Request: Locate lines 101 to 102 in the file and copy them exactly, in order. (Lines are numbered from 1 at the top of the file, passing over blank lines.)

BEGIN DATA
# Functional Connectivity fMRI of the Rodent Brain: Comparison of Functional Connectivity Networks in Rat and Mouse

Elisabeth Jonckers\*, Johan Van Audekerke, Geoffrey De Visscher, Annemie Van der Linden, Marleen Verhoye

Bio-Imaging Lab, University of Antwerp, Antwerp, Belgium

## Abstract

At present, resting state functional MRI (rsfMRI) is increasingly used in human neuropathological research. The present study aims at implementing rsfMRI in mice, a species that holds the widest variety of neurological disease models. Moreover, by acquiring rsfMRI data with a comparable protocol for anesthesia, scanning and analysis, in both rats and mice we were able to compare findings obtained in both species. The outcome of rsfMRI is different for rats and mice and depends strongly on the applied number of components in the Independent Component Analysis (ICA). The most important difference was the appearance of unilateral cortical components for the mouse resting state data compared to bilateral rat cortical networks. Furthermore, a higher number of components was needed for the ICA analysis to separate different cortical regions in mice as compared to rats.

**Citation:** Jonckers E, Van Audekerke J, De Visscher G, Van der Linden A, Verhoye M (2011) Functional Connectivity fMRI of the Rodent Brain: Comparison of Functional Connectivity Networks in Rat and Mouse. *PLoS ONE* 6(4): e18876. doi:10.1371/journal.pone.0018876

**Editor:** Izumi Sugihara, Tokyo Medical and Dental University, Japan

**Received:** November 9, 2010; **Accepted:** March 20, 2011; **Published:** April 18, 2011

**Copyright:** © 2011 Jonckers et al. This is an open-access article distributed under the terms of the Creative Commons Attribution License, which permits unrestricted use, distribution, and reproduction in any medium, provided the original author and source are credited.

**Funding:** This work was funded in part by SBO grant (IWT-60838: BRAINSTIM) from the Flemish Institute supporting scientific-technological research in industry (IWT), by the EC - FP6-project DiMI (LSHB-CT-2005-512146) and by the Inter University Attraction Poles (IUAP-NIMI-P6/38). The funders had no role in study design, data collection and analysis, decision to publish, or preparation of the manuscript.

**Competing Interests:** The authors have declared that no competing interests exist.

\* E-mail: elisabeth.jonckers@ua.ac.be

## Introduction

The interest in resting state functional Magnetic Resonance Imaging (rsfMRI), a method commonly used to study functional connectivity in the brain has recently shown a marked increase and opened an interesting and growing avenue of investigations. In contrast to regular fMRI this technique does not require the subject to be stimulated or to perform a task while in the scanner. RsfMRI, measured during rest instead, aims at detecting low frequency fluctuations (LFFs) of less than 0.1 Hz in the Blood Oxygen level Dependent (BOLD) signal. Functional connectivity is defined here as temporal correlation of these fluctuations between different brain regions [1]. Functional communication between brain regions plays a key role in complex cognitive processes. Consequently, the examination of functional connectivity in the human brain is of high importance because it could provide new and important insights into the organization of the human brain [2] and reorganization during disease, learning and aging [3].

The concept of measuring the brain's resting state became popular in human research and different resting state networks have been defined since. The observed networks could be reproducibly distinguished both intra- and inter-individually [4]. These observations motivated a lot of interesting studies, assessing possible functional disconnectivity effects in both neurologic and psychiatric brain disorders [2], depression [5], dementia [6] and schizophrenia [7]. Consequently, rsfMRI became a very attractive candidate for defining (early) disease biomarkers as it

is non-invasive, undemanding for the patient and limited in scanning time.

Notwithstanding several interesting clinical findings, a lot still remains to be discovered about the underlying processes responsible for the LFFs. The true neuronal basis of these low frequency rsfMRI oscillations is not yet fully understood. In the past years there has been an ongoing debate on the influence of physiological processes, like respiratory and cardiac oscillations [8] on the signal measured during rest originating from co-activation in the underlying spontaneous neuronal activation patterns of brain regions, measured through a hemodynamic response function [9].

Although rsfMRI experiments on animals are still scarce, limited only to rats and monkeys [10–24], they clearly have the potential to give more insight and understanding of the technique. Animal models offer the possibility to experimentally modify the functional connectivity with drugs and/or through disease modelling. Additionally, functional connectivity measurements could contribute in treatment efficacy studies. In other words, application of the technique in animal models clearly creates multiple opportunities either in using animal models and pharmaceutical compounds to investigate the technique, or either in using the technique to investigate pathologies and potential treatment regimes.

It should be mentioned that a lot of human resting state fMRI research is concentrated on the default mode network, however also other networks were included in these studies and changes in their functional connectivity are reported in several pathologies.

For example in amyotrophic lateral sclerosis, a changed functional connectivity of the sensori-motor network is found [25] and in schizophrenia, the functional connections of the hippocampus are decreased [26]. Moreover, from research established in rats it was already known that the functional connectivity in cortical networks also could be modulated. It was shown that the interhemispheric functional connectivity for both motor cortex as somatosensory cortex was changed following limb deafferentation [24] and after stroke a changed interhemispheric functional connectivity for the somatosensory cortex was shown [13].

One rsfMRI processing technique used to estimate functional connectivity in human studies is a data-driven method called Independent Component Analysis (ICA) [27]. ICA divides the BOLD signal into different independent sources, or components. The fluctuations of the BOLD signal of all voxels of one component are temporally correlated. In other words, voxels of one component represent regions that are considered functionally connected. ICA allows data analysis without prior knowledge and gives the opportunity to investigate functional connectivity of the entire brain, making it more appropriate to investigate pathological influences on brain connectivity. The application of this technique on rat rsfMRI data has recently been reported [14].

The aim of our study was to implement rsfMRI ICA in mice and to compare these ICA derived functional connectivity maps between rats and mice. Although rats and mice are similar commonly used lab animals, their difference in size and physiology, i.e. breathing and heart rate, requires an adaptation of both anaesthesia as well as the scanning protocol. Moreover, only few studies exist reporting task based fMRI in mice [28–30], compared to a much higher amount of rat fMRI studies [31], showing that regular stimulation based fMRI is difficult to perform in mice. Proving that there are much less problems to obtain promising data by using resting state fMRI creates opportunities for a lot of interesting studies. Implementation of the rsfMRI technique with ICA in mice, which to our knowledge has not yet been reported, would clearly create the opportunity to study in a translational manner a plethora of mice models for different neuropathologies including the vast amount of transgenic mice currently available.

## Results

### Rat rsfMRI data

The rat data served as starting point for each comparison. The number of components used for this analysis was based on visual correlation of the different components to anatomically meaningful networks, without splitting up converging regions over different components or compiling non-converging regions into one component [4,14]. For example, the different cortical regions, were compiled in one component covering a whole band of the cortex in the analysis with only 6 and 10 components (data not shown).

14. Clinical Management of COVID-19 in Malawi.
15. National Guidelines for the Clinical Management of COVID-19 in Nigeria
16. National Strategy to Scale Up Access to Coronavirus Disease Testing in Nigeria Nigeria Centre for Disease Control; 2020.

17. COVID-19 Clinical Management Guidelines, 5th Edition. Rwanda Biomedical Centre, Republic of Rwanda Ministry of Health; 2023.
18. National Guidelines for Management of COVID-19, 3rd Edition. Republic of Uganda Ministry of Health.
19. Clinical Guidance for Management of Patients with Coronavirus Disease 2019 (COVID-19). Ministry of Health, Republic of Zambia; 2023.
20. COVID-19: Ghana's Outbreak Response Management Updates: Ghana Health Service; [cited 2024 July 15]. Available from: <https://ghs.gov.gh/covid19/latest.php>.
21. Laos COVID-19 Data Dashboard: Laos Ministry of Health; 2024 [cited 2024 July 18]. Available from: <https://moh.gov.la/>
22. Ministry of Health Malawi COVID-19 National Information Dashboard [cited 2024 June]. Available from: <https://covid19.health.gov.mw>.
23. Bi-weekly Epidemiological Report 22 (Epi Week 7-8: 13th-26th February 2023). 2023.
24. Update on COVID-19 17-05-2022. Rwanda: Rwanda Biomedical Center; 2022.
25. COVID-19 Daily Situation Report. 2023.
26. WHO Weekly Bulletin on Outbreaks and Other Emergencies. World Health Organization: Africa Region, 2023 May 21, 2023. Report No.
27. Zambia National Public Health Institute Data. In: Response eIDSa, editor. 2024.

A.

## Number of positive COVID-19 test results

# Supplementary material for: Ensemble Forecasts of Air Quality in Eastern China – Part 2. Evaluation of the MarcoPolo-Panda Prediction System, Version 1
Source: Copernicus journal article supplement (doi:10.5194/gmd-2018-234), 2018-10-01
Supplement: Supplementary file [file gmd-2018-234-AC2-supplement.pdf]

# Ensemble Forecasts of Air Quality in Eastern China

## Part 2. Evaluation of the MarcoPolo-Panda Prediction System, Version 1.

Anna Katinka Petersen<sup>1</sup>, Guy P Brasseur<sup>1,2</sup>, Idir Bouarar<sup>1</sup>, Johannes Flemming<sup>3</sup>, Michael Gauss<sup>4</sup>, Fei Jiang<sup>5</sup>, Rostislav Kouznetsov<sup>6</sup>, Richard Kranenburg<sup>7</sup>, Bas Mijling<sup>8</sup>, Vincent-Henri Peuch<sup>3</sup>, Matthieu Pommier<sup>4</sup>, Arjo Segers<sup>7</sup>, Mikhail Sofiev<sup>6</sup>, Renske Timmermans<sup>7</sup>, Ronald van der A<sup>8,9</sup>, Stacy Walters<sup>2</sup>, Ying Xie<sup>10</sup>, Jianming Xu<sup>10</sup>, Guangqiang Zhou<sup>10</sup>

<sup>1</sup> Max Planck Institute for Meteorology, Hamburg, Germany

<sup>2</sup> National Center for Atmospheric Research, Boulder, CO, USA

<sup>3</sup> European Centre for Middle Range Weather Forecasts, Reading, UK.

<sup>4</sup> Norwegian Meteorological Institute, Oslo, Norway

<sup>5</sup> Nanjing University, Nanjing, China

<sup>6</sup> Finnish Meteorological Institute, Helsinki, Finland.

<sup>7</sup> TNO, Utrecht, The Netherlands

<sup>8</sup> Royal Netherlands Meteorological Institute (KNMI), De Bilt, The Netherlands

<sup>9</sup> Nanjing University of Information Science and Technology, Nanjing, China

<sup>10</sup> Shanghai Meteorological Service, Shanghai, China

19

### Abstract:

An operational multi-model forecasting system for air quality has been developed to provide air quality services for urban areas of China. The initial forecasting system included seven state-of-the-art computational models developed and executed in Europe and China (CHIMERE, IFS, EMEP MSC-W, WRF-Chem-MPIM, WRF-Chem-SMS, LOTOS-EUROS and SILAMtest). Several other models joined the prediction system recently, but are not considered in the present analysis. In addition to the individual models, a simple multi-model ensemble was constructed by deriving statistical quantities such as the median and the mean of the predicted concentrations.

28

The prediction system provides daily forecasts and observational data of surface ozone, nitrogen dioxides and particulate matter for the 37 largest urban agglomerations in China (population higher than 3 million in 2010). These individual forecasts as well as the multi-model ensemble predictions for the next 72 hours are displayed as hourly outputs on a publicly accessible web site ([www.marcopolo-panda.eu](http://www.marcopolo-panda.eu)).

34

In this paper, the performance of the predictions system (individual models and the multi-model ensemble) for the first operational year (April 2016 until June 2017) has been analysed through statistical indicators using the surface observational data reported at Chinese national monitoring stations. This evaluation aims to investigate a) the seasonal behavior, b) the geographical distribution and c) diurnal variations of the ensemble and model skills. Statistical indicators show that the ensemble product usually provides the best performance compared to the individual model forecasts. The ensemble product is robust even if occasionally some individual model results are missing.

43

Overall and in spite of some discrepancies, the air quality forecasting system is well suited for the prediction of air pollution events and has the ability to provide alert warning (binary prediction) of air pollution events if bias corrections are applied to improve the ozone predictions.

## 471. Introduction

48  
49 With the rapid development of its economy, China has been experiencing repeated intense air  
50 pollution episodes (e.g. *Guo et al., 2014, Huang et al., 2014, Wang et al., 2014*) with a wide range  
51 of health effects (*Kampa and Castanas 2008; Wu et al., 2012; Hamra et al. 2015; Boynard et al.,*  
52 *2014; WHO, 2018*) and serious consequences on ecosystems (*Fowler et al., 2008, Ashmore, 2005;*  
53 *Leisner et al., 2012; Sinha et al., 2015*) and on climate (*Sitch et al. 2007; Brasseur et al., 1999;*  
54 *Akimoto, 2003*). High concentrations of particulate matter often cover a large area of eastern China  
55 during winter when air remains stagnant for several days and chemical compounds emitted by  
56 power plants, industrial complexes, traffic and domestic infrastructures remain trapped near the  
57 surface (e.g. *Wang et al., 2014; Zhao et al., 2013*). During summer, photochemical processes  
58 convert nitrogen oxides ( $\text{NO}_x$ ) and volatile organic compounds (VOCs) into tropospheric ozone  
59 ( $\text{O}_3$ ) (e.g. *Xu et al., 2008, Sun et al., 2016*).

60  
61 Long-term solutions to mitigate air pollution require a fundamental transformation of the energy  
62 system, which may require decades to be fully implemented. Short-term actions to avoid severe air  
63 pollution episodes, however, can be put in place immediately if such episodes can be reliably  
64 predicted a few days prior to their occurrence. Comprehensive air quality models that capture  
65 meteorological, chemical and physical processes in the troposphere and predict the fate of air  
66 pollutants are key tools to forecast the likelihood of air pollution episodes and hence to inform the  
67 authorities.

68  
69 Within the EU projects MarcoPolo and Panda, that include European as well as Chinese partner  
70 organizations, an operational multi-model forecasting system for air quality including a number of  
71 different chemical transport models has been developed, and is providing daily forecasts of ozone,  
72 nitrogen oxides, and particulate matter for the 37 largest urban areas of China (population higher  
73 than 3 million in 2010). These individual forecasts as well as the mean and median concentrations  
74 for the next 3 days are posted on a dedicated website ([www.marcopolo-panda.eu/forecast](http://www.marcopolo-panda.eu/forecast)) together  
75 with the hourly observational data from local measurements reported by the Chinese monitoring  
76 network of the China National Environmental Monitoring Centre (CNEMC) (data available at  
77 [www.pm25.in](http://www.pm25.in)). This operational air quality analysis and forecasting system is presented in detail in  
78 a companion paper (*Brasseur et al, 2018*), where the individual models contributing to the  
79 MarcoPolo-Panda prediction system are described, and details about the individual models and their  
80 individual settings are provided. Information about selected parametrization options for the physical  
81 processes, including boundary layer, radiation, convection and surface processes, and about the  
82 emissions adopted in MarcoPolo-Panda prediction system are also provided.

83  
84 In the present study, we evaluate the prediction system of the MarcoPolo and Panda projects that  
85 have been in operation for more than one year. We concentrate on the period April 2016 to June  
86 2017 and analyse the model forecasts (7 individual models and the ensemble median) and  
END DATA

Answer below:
81 processes, including boundary layer, radiation, convection and surface processes, and about the  
82 emissions adopted in MarcoPolo-Panda prediction system are also provided.